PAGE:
As a result, Bridgeport milling machines machine flat or irregularly shaped surfaces with larger face mills and cut gears or slots using smaller end mills. With a drill chuck or R8 collet in the spindle, it’s possible to drill, tap, bore, and ream quickly if the machine has a variable speed head. These machines are so well-made that it’s possible to broach keyways without fear of damaging them.

6. What is the Difference Between a Bridgeport Mill and Other Mills?

Every milling machine removes material from a workpiece by rotating a cutting tool and feeding (moving) it into the workpiece. Although there are several types of milling machines, they are usually differentiated as knee-type and bed-type.

Although you can mill, drill, bore, and cut slots with either machine, the vertical knee mill is preferred for its versatility and is the most popular milling machine found in most machine shops today. With a knee-type milling machine, the table is mounted on a knee that moves vertically along the column. The knee supports the table and allows for the up and down movement, which is how the machine adjusts the position of the workpiece. The milling head can also be tilted to machine at various angles.

On the other hand, bed-type milling machines feature a fixed table and movable ram, which is the opposite of the knee mill. Bed mills typically have greater load capacity, with a bed mill carrying approximately twice the load of a knee mill. The bed mill’s cutting tool is mounted on a vertical or horizontal spindle moving along the bed to remove material from the workpiece. One advantage bed mills have other lighter machines is their stability, allowing them to handle larger workpieces.

One advantage of a bed-type milling machine is that it provides greater stability and accuracy than other milling machines due to its sturdy construction and the fact that the workpiece is securely clamped to the bed. Bed-type milling machines are available in various sizes and configurations, from small benchtop models to large, floor-standing machines.

Here’s a comparison of the two types and the difference between the two:

  • Design: The significant difference between a knee and a bed milling machine is their design. A knee mill has a vertically adjustable knee mounted on a column attached to the bed, and the worktable is mounted on the knee and moves along the Z-axis. In contrast, bed mills have a fixed bed to support the worktable and the cutting tool, and the spindle head moves along the bed to perform the machining.
  • Size and capacity: Bed mills are more potent than knee mills. They are designed to handle larger and heavier workpieces, while knee milling machines are typically suitable for small to medium-sized workpieces.
  • Accuracy and precision: Both types of mills offer excellent accuracy and precision.
  • Versatility: Bridgeport milling machines are more versatile since the adjustable knee enables a greater range of cutting operations. Knee mills are ideal for small- to medium-sized machine shops, home workshops, and general-purpose milling operations.

7. Should I Buy a Bridgeport Mill?

The answer will depend on your specific applications and floor space.

These are the advantages of a Bridgeport knee mill:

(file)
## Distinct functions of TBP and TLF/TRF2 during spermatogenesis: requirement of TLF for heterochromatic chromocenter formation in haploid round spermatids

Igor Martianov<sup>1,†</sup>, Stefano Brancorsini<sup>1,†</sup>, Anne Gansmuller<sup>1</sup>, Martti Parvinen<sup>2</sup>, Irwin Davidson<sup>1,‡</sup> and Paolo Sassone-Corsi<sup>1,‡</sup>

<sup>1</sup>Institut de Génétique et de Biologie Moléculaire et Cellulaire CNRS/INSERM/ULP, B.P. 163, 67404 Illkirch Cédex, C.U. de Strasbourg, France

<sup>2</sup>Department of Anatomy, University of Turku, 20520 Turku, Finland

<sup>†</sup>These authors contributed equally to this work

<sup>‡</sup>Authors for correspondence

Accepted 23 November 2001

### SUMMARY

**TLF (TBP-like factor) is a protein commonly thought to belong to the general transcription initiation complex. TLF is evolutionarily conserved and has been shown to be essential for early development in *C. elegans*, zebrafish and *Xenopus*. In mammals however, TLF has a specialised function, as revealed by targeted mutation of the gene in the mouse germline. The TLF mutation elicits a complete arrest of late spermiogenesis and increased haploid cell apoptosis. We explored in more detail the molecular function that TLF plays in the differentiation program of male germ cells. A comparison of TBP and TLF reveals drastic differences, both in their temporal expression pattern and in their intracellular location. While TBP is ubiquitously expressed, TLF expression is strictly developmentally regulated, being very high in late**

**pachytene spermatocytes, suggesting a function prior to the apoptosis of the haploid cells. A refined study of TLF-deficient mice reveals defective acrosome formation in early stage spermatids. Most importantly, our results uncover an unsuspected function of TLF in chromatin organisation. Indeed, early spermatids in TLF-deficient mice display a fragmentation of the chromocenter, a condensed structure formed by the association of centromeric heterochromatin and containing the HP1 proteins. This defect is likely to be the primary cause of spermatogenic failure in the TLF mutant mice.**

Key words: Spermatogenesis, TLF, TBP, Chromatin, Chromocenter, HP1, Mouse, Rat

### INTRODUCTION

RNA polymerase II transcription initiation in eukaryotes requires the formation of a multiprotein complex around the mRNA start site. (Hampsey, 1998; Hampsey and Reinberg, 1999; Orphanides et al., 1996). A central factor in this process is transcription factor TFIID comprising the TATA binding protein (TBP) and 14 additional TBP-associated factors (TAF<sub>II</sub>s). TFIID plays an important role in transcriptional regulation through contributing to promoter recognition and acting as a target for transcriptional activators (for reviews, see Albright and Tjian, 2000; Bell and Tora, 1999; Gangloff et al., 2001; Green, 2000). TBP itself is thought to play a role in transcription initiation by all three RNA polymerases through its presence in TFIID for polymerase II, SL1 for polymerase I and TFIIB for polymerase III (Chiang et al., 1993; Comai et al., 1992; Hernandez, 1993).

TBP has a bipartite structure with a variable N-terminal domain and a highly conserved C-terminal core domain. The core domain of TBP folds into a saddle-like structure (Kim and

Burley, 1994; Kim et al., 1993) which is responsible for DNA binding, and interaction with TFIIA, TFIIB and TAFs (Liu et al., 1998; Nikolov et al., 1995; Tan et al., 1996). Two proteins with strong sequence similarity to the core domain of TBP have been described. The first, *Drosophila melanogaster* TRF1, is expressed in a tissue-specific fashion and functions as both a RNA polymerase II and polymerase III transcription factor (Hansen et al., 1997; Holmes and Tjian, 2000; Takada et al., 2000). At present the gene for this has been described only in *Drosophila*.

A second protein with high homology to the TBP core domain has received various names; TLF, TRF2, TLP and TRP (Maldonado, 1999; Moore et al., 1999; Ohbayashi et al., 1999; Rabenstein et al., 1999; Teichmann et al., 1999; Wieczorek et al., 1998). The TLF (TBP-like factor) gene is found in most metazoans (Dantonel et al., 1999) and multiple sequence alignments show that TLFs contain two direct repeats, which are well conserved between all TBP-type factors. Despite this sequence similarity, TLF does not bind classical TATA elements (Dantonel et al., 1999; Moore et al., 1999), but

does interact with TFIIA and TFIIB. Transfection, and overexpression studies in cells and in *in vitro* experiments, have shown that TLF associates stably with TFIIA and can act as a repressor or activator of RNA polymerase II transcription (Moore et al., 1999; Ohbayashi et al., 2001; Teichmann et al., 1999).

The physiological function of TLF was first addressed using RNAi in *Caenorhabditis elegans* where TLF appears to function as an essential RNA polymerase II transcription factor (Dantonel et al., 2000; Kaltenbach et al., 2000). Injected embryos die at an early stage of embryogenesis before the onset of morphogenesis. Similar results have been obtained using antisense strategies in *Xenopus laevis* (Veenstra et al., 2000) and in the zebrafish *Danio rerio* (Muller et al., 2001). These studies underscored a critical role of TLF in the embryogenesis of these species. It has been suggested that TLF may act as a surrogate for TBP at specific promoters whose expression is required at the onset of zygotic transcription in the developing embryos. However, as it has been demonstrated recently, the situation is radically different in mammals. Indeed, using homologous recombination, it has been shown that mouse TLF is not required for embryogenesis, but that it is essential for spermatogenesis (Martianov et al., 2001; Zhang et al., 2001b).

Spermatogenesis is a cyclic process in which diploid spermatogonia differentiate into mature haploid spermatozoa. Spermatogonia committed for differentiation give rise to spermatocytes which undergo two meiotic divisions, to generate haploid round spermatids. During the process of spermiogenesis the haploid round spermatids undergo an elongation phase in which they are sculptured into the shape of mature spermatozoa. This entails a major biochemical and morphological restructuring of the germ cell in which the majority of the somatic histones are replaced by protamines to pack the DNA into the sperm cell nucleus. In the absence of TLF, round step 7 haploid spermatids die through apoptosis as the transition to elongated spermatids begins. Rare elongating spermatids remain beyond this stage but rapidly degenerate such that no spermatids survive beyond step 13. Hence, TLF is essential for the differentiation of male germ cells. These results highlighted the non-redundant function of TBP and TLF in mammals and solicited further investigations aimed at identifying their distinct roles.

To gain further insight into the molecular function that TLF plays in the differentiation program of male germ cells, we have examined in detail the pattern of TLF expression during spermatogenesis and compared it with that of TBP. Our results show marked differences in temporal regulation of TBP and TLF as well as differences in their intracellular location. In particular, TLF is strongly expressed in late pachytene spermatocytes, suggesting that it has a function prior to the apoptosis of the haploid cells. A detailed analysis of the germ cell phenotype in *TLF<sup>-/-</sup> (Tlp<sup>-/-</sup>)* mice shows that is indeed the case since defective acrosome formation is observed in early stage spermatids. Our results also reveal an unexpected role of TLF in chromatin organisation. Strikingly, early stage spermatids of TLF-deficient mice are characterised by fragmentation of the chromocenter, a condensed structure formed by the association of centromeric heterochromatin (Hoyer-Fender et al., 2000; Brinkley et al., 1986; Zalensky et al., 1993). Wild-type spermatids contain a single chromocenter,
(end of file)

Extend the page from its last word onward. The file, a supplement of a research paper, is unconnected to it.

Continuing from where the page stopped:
• They have a smaller footprint and fit comfortably in the corner of most shops
  • They are high-speed, productive milling machines that need no programming
  • They are easy to learn and operate
  • Perfect for secondary operations such as drilling, tapping, and simple primary machining operations
  • One more advantage if your Bridgeport has a power drawbar for faster tool changes and coolant for specific metals

Remember that a step pulley design is cheaper and easier to repair but time-consuming if you want to be productive.

8. How Much do Bridgeport Mills Cost?

A new Bridgeport Series I standard package includes an R-8 spindle, chrome ways and gibs, and one-shot lube and sells for $19,600. Add a 12-piece collet set with R-8 spindle taper for $642.

9. Are Bridgeport Mills Still Made?

Yes. However, they are now produced by Hardinge, Inc. and they will now manufacture the Bridgeport mills in the company’s Elmira, New York facility.

10. Who Makes the Best Bridgeport Style Mills?

CNC Masters, an American company, offers its Supra 9 x 49 vertical knee mill as a classic Bridgeport-type milling machine with CNC technology on a 9″ x 49″ table size. Like the original, it features heavy-duty construction and space-saving design and is easy to learn and operate. The big difference is in the CNC control with full three-axis interpolated movement with computer variable spindle control.

supra cnc vertical mill
Supra CNC Vertical Milling Machine

The Supra 9 x 49 mill handles maximum travel of 34” x 11.5” on the X and Y axes, while the Z-axis (spindle axis) is quill driven for accuracy. The best news is that these can switch to manual control and back to CNC control faster than you can say: These must be expensive machine tools! The new Bridgeport manual machine sells for $19,600, while a brand new American-made Supra—capable of CNC and manual control—starts at under $13,000!

Why wait? Talk to one of our experts at CNC Masters, and we’ll fit you with a CNC mill to increase your production immediately. Please fill out our contact form today!

About Peter Jacobs

Peter Jacobs is the Senior Director of Marketing at CNC Masters, a leading supplier of CNC mills, milling machines, and CNC lathes. He is actively involved in manufacturing processes and regularly contributes his insights for various blogs in CNC machining, 3D printing, rapid tooling, injection molding, metal casting, and manufacturing in general. You can connect with him on his LinkedIn.